There’s a thing I say when met with an objection to the formality I suggest people use when communicating with their spouses. “How is shooting from the hip as an overall approach working out for you?” If you can honestly respond that by not having any agreements with your partner for using structures or methods in your communication, the way in which you speak to one another does not create unnecessary conflict, distance, and pain, then read no further.

But don’t be too quick to say that you know there is no unnecessary conflict, distance, or pain resulting from the way that you talk to and with your partner. The sad truth is that most couples unconsciously create pain inside each person – invisible, mostly, because people don’t talk about this stuff, which is the problem – that can be avoided by bringing a bit more formality – structure – to the communication in the relationship.

Over the years, I’ve seen that the couples who report that, in between sessions, they actually used the tools I taught them are the ones who get the best results improving the quality of their connection and their enjoyment of each other. And isn’t that what it’s all about?

Structure creates safety.

And, there can be too much structure, too much safety. Parenting is a good realm for these analogies. The anxiously hovering, rigidly strict parent has been proven to increase nervousness, defiance, and a host of other problems in children, as well as the adults they later become. But that’s one end of the spectrum. The overly hippie-dippy, free-range childhood, loose boundaries parent creates some serious developmental problems in their children, too.

In couplehood, there can also be too much safeguarding, and too much free-wheeling. We all want to enjoy moments of blissful, effortless connection; it is a gift of life. Maintaining and sustaining enjoyable connection, however, is not just an ever-flowing gift; it is a responsibility, a discipline, and it requires some safeguarding of the space between two people.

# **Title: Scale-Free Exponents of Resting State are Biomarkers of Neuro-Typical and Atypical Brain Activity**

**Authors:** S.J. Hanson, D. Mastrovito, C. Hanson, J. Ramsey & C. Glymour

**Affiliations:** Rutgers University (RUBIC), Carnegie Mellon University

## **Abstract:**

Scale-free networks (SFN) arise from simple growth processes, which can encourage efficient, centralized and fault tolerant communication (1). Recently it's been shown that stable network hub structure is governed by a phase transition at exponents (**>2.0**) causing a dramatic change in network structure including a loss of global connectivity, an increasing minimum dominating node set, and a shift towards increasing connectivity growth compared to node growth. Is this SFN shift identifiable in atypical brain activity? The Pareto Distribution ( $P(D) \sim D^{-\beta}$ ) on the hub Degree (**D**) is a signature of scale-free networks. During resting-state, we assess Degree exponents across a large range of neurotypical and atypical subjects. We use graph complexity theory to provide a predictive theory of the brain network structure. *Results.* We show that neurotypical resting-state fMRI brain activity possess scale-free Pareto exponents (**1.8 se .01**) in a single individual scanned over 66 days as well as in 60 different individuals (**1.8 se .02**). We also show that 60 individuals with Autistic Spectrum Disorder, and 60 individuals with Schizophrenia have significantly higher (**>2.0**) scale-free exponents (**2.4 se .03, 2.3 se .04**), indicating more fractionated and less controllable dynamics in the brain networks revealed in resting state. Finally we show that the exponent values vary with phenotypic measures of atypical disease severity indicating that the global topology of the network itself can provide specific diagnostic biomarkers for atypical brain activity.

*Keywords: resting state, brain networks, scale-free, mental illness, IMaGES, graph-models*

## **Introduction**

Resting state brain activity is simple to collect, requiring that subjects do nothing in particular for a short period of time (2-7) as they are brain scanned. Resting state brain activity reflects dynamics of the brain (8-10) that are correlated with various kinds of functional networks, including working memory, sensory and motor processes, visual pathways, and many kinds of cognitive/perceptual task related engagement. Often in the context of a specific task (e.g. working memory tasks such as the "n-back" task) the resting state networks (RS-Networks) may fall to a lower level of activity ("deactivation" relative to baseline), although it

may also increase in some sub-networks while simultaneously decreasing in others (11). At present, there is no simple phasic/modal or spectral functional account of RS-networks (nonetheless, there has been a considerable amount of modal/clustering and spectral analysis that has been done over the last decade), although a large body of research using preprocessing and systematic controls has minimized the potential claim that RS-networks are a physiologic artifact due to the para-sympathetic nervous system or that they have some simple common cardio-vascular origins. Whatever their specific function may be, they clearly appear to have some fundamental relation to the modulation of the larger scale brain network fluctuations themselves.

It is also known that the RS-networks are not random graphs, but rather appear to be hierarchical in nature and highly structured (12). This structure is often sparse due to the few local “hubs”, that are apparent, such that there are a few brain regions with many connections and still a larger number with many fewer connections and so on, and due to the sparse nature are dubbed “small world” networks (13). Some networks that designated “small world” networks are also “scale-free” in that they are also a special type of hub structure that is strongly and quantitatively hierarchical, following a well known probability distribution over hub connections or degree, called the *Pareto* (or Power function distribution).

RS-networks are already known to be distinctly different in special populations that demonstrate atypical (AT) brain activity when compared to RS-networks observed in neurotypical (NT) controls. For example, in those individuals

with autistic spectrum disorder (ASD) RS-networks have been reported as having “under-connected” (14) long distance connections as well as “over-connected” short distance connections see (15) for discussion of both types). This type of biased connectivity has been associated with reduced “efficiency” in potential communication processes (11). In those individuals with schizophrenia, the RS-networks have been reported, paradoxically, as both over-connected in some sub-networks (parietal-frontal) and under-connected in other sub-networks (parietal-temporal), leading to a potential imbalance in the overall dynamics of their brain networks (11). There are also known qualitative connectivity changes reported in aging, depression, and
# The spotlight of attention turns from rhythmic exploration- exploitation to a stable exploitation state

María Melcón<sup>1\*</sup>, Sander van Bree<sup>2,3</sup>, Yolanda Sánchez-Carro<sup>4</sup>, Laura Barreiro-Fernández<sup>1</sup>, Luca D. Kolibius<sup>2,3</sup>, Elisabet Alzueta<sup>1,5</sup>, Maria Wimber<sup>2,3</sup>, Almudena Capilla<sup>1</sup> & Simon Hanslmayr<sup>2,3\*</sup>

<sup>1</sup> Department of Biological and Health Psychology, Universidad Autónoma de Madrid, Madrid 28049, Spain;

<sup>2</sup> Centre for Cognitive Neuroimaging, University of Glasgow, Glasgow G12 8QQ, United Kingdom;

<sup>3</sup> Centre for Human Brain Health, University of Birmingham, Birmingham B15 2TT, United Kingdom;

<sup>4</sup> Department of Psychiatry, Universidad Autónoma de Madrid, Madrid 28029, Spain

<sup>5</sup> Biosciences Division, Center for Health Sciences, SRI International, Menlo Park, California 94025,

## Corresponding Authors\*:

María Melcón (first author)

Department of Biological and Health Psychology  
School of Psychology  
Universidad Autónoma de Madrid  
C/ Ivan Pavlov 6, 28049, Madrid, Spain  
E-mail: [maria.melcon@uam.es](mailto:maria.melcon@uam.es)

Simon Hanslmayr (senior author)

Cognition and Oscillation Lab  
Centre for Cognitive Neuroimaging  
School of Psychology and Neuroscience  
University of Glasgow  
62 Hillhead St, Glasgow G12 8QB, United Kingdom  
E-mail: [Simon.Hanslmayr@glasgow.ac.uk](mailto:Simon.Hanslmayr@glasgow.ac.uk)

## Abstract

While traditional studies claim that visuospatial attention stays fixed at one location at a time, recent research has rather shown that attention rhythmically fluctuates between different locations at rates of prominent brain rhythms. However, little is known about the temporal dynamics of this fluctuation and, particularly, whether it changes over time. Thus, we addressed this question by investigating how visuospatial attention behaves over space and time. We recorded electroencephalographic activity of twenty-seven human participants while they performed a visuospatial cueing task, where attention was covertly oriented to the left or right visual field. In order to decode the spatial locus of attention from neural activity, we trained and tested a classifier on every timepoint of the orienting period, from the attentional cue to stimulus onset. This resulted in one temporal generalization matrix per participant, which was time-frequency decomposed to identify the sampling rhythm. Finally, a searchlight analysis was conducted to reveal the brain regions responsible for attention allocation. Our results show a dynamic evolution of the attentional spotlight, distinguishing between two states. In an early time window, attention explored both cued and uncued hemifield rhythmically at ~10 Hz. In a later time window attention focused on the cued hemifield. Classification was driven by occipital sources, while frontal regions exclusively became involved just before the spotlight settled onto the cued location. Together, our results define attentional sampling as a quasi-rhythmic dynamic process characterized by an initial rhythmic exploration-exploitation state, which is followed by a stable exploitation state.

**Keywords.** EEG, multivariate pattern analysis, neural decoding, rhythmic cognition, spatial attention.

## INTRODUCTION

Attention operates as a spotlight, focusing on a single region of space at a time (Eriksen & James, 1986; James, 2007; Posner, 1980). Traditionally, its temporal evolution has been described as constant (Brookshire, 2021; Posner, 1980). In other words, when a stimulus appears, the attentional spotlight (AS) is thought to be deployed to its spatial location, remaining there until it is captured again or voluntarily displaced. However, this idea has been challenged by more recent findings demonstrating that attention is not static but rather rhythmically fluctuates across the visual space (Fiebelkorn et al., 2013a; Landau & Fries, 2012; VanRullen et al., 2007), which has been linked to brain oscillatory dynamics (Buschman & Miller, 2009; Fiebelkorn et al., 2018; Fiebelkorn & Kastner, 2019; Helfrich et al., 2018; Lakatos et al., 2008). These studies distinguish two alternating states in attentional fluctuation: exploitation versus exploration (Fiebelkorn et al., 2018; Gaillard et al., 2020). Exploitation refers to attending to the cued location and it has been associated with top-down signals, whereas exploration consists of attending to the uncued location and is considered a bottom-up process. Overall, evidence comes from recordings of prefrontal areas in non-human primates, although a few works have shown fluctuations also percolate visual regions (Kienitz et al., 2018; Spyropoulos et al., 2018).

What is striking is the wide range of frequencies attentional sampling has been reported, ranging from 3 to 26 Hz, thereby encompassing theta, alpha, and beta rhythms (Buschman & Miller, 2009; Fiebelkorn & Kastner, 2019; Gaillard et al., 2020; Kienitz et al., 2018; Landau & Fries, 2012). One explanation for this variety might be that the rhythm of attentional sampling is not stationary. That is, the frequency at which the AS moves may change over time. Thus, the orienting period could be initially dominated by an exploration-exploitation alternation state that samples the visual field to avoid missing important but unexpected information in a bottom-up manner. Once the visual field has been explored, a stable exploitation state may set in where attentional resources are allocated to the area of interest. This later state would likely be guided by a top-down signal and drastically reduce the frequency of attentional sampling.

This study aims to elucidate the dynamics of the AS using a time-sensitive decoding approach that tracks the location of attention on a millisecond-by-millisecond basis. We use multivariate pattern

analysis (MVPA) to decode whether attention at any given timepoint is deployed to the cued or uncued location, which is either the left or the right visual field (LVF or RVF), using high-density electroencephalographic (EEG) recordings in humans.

Sustainable, enjoyable connection is very rewarding. An important point, however, is that it is also voluntary. We don’t have to have truly reliably and safely enjoyable connection in our relationships. But if we actually want peace, love and joy in relationships and life, it is necessary for most of us to do a little work.

Sustaining lowest-level-as-possible pain in long-term relationships is all about consciousness of boundaries and taking personal responsibility for how we talk, especially in the moments of day-to-day life.

In that vein, I will introduce a common moment, a question we humans often ask each other: “How are you?” Seems so innocent, yet, it often creates problems – disconnects, disappointments, communication breakdowns, reactive triggers. Remember, I said that the pain is mostly invisible. People don’t show it or share it most of the time, and truly, we are not often even aware of our own feelings in the moment.

These unacknowledged, unexpressed, un-dealt-with moments build up inside of ourselves and our partner. They create a divide, a crevasse, that the connection all-too-quickly dives back into the next time a disappointing moment occurs. So it’s crucial to learn about how to identify these moments, how to do something directly to change them, and to avoid them in the first place.

Studies show that couples fight most often around daily transitions – waking up, parting for the day, re-entry (coming into the same space again after being apart – a few hours, all day, or more), and going to sleep. To create a ritual, a structure, an agreement, of how to connect and re-connect in these moments is to put a safety structure around one of the most frequent times couples have disasters. Doesn’t that sound smart?